The findings came six years too late for Professor Sheila Rowan and Professor James Hough, who put the £25 wager on in 2004 that researchers at the Laser Interferometer Gravitational Wave Observatory (Ligo) would “detect gravitational waves by 2010”.
The bet was placed at 100/1 by Ladbrokes but the date came and went without the breakthrough and the physicists, based at the University of Glasgow and part of the Ligo project, missed out on any chance of winning £2,500.
But Prof Rowan, director of the university’s Institute for Gravitational Research, said it was worth the extra years of waiting.
“That gravitational wave was coming for 1.3 billion years so six years is lost in the noise,” she added.
Other possible scientific breakthroughs - including the discovery of the Higgs boson - were offered as bets at the time but the bookmaker slashed the odds on the detection of gravitational waves following a rush of interest.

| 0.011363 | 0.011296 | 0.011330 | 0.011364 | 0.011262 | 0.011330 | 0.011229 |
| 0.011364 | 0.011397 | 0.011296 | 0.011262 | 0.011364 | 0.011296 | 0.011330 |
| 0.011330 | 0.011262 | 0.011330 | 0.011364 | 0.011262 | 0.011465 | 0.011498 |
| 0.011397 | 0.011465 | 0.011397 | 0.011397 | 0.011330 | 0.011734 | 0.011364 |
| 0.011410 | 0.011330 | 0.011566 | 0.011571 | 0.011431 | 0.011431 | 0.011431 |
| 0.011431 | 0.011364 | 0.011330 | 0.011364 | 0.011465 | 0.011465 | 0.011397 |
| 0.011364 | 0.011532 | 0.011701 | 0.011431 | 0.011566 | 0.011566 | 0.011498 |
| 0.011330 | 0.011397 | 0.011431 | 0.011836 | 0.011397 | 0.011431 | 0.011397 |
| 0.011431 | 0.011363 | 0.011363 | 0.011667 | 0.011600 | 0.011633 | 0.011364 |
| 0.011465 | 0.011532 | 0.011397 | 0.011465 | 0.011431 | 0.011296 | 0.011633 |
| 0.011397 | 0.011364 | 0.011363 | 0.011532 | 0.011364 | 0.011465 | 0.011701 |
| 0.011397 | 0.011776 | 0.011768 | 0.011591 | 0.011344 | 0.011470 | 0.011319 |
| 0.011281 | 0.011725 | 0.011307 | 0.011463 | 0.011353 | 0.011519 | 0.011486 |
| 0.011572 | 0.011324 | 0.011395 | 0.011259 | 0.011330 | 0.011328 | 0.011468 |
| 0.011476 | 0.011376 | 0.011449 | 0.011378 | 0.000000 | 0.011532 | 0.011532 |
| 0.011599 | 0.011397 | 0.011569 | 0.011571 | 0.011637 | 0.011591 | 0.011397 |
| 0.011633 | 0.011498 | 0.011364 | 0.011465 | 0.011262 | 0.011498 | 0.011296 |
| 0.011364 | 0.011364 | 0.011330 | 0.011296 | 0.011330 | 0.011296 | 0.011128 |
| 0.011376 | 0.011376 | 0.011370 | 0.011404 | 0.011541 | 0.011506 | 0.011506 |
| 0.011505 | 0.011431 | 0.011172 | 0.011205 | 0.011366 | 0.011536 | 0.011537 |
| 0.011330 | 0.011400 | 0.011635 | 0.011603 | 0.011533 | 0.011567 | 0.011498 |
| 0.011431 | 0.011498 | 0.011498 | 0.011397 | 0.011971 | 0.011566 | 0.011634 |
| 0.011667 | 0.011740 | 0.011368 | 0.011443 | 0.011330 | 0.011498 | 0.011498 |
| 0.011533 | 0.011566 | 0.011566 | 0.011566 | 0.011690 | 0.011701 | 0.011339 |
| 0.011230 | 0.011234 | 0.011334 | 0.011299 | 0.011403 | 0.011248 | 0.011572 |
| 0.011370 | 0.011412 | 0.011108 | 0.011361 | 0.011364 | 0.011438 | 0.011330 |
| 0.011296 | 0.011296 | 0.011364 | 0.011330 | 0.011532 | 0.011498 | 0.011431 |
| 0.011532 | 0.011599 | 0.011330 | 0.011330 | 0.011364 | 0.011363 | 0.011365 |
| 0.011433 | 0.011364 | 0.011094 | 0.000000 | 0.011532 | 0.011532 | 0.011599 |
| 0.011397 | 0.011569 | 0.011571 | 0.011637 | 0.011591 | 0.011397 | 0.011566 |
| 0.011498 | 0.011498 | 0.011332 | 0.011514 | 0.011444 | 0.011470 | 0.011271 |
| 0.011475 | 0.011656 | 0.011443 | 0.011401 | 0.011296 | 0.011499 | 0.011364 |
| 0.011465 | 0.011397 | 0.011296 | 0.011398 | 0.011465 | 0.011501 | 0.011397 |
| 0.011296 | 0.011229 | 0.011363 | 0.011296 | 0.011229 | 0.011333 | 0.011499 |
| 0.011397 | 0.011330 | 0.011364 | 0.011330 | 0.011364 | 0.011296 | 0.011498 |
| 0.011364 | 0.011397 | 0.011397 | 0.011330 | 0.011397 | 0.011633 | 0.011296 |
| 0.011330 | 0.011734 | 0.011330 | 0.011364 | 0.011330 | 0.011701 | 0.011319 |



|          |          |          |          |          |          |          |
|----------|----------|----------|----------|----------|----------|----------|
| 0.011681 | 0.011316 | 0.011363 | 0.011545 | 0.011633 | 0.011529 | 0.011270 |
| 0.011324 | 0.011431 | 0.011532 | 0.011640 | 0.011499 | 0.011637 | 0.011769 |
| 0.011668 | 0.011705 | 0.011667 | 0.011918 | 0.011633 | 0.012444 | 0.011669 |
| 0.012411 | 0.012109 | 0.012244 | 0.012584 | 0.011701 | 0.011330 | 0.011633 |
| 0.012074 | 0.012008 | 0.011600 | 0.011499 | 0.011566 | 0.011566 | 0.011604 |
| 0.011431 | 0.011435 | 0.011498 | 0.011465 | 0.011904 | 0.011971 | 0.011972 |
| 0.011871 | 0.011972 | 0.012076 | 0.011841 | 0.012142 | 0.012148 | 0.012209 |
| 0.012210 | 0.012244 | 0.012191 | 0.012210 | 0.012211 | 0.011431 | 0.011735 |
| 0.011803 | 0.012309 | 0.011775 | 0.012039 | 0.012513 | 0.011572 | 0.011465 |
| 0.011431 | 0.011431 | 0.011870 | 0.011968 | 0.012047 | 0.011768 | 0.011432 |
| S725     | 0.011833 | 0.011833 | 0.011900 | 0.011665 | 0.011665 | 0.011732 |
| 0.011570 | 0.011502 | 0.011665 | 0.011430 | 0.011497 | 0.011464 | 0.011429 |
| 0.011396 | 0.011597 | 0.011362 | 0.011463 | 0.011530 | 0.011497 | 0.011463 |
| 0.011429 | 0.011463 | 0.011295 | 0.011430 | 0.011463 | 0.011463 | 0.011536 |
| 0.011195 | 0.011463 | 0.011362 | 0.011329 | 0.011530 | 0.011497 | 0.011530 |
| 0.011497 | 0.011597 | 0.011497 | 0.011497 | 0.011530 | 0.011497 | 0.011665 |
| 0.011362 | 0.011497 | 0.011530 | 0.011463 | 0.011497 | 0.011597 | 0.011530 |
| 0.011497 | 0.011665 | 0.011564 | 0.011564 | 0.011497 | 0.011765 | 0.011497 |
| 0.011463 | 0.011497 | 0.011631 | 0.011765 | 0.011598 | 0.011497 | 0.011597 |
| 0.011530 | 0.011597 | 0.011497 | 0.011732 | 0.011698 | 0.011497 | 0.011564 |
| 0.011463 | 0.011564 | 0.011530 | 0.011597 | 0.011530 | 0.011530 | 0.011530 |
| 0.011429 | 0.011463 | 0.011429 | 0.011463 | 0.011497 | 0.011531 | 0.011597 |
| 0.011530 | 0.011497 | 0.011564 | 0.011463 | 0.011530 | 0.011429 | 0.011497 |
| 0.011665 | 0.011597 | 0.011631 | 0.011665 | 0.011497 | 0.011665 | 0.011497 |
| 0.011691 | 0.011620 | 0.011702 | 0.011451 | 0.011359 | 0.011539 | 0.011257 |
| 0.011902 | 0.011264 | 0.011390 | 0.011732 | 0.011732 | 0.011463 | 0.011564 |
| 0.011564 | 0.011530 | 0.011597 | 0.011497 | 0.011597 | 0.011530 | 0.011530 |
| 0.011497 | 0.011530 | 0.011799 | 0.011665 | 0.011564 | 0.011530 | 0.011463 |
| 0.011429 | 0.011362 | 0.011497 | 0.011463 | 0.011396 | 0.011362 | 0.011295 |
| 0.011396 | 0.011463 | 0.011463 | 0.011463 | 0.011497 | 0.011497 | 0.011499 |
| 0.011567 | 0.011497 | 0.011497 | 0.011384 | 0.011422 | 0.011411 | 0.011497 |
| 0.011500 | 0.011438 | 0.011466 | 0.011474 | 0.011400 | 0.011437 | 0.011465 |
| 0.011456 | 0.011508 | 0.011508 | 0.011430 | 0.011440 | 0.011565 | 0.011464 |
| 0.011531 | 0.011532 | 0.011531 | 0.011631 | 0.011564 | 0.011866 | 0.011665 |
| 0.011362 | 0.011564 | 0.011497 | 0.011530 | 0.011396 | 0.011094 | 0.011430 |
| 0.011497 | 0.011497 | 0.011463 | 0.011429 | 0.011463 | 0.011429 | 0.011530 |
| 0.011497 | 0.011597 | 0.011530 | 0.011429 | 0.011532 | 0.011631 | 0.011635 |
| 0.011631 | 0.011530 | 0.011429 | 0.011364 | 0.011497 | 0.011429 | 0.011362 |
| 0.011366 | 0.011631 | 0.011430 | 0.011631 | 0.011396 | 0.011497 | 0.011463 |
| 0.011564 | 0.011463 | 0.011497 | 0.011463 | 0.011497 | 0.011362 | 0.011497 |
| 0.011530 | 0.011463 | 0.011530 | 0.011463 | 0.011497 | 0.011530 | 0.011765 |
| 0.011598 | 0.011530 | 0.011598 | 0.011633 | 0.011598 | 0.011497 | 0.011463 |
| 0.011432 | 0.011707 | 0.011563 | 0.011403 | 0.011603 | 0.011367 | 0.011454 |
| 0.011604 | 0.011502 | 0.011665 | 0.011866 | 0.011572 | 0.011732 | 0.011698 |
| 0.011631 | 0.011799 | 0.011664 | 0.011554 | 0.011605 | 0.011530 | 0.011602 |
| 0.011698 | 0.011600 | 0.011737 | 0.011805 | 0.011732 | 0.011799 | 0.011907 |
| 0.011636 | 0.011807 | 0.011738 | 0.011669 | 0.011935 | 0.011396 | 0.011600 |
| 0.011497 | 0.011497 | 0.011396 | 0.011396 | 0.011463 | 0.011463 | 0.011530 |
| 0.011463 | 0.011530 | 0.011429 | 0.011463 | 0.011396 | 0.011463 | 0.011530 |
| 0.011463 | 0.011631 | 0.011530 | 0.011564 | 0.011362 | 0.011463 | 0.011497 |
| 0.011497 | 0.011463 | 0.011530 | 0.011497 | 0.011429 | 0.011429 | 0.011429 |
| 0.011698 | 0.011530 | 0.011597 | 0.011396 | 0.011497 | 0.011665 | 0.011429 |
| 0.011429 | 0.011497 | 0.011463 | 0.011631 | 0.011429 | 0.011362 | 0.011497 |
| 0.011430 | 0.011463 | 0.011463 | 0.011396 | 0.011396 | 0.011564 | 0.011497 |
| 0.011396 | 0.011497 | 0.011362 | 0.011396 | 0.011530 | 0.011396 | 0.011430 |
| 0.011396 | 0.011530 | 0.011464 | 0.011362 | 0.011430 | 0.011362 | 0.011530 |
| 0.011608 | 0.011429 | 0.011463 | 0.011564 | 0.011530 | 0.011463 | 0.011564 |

“I think the book closed at 6/1 and I think the odds were even better earlier in the day - possibly starting off at 500/1,” said Prof Rowan.
“We were working towards this but it was interesting to see how much confidence people had back then. The reason those odds dropped and dropped so quickly was that people in our field had confidence that we were going to get to this point and I think it kind of brought that out. It was just a question of when.
“It was certainly worth our money.”
The historic announcement made in the US last Thursday confirmed gravity waves - ripples in spacetime - have been detected by scientists a century after Albert Einstein predicted their existence, and it has been described as ‘’the biggest scientific breakthrough of the century”.